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“Contemporary Art of the Caribbean Archipelago”
Museum of Latin American Art, Long Beach, California
Recommendation by Liz Goldner

Nadia Huggins, “No. 25 Circa No Future,” 2014, color photograph

If you visit “Relational Undercurrents, Contemporary Art of the Caribbean Archipelago,” don’t expect to see pretty pictures. This show of 200 pieces by 80 artists makes a bold statement about the plight of people in the Caribbean islands. The compendium of images evoke the devastation following last year’s tropical storms. Employing themes of a common history of colonialism, racism and subjugation, the paintings, sculpture, photography, installations and videos are often raw and confrontational. Personifying the tone, in “Vanishing Point” (2013), a video of the artist, Carlos Martiel, has threads sewn into his nude body and pulled tight. 


“Relational Undercurrents” is divided into four thematic sections. “Conceptual Mappings” includes Karlo Andrei Ibarra’s “Collective Memory” (2012), a blank black globe with chalk and an invitation to viewers to create their own countries, continents and borders. Ewan Atkinson’s “Archipelago” (2017) depicts the various islands as body parts. The “Perpetual Horizons” section is about borders, which both contain island residents and entice them to travel beyond the ocean barrier that surrounds them. Jean-Luc de Laguarigue’s “Untitled” from “Nor Plage, Martinique” (2013), a photo of an installation of the walls and door of an old building, includes portions of the walls cut out, revealing the ocean, suggesting that the viewer to transcend her/his environment. Tony Capellán’s “Found Objects from the Caribbean Sea” (2015), an installation in the “Landscape Ecologies” section, is a collection of the type of plastic junk besmirching our oceans. "Representational Acts," expressing political viewpoints, includes Antonia Wright’s video “Suddenly We Jumped” (2014), in which the artist smashes her unclothed body through a sheet of glass. It’s an act that conveys the desire of many residents to break free of their restricted lives.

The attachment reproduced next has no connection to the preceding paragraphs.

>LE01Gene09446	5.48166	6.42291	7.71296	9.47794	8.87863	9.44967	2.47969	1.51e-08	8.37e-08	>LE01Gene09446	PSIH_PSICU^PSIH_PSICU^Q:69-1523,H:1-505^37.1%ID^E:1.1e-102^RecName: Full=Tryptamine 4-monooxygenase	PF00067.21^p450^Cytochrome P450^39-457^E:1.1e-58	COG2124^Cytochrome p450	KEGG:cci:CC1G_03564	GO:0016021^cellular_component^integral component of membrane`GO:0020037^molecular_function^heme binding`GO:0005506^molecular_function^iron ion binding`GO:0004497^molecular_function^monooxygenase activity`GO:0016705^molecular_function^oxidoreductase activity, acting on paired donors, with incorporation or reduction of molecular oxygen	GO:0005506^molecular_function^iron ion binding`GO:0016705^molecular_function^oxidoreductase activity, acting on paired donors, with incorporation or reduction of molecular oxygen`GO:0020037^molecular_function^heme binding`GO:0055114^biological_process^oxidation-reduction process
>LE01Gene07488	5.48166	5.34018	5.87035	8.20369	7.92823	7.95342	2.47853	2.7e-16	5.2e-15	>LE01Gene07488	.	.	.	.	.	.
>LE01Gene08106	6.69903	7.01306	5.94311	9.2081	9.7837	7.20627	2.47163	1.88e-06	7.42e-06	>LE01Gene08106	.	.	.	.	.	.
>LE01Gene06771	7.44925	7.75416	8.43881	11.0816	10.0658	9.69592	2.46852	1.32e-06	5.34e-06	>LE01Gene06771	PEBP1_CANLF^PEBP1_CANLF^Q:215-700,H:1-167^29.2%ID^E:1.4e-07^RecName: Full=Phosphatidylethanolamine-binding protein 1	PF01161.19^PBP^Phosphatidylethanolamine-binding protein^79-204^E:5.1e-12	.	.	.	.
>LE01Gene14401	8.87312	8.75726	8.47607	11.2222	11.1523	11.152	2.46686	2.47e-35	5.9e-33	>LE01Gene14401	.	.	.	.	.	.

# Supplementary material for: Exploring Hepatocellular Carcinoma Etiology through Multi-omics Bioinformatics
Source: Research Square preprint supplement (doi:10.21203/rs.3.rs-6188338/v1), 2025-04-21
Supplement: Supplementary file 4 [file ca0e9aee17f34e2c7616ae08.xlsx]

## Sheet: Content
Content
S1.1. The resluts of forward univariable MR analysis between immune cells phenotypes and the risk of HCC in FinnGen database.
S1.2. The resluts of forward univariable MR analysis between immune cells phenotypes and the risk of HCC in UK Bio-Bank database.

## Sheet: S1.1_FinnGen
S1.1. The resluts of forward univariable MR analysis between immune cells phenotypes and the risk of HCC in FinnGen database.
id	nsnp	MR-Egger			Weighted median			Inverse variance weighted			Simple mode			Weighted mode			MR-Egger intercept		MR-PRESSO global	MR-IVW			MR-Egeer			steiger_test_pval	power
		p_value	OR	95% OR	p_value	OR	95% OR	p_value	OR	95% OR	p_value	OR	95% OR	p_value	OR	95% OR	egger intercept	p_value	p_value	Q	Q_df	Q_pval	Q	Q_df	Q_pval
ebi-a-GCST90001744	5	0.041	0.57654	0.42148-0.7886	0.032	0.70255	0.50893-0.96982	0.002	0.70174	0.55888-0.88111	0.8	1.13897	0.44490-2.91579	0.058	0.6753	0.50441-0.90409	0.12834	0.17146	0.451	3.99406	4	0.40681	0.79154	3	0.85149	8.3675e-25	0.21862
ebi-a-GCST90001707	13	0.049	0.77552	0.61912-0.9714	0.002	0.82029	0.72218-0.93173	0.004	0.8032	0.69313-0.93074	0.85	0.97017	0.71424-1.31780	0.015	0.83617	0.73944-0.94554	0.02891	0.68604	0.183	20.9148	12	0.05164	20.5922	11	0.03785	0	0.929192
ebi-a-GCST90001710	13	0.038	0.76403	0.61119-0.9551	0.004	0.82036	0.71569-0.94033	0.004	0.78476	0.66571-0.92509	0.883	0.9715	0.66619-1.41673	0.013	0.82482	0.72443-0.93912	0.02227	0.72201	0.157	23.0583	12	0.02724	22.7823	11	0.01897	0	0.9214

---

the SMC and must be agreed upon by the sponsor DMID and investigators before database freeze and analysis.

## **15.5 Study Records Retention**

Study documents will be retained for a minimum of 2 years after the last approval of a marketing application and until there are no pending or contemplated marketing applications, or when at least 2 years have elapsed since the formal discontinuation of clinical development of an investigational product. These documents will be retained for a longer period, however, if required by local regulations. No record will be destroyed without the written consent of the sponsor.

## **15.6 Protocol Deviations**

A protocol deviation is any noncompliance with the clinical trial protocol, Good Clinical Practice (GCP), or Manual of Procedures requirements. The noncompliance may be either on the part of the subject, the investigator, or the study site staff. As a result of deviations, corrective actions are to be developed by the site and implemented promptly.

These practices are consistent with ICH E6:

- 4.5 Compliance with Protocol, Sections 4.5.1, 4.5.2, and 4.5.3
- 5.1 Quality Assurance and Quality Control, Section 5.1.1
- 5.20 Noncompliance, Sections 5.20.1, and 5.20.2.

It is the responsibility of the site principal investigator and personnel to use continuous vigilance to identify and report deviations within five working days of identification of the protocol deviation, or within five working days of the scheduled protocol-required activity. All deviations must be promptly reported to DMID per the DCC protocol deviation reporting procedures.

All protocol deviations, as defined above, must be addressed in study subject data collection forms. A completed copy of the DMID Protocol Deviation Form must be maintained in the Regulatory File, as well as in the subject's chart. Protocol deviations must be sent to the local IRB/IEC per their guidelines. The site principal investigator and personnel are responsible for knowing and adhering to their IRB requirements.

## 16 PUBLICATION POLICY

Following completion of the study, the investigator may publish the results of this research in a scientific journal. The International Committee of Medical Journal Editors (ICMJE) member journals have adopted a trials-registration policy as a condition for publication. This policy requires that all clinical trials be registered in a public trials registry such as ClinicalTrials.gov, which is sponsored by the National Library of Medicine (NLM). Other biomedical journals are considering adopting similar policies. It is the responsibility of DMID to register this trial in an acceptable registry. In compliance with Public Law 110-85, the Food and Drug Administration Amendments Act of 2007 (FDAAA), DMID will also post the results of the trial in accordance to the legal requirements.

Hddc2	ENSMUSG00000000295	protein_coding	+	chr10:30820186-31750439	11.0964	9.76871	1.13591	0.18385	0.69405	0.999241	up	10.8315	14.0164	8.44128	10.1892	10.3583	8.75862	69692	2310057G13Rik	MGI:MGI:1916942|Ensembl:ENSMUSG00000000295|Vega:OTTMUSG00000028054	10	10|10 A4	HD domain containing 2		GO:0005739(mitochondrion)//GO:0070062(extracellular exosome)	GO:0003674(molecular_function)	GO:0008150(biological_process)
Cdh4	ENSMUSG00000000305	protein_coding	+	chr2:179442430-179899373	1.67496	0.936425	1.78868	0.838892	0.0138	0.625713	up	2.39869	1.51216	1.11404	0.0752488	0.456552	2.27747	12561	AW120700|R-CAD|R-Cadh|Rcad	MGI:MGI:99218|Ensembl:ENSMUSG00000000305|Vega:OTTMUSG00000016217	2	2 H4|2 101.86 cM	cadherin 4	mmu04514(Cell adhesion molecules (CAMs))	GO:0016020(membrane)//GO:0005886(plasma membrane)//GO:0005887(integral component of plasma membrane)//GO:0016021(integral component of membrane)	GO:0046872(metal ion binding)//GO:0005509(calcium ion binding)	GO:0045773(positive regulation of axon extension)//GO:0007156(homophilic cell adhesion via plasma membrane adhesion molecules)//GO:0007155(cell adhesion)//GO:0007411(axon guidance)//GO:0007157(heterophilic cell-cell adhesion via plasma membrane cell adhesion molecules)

Museum of Latin American Art MoLAA

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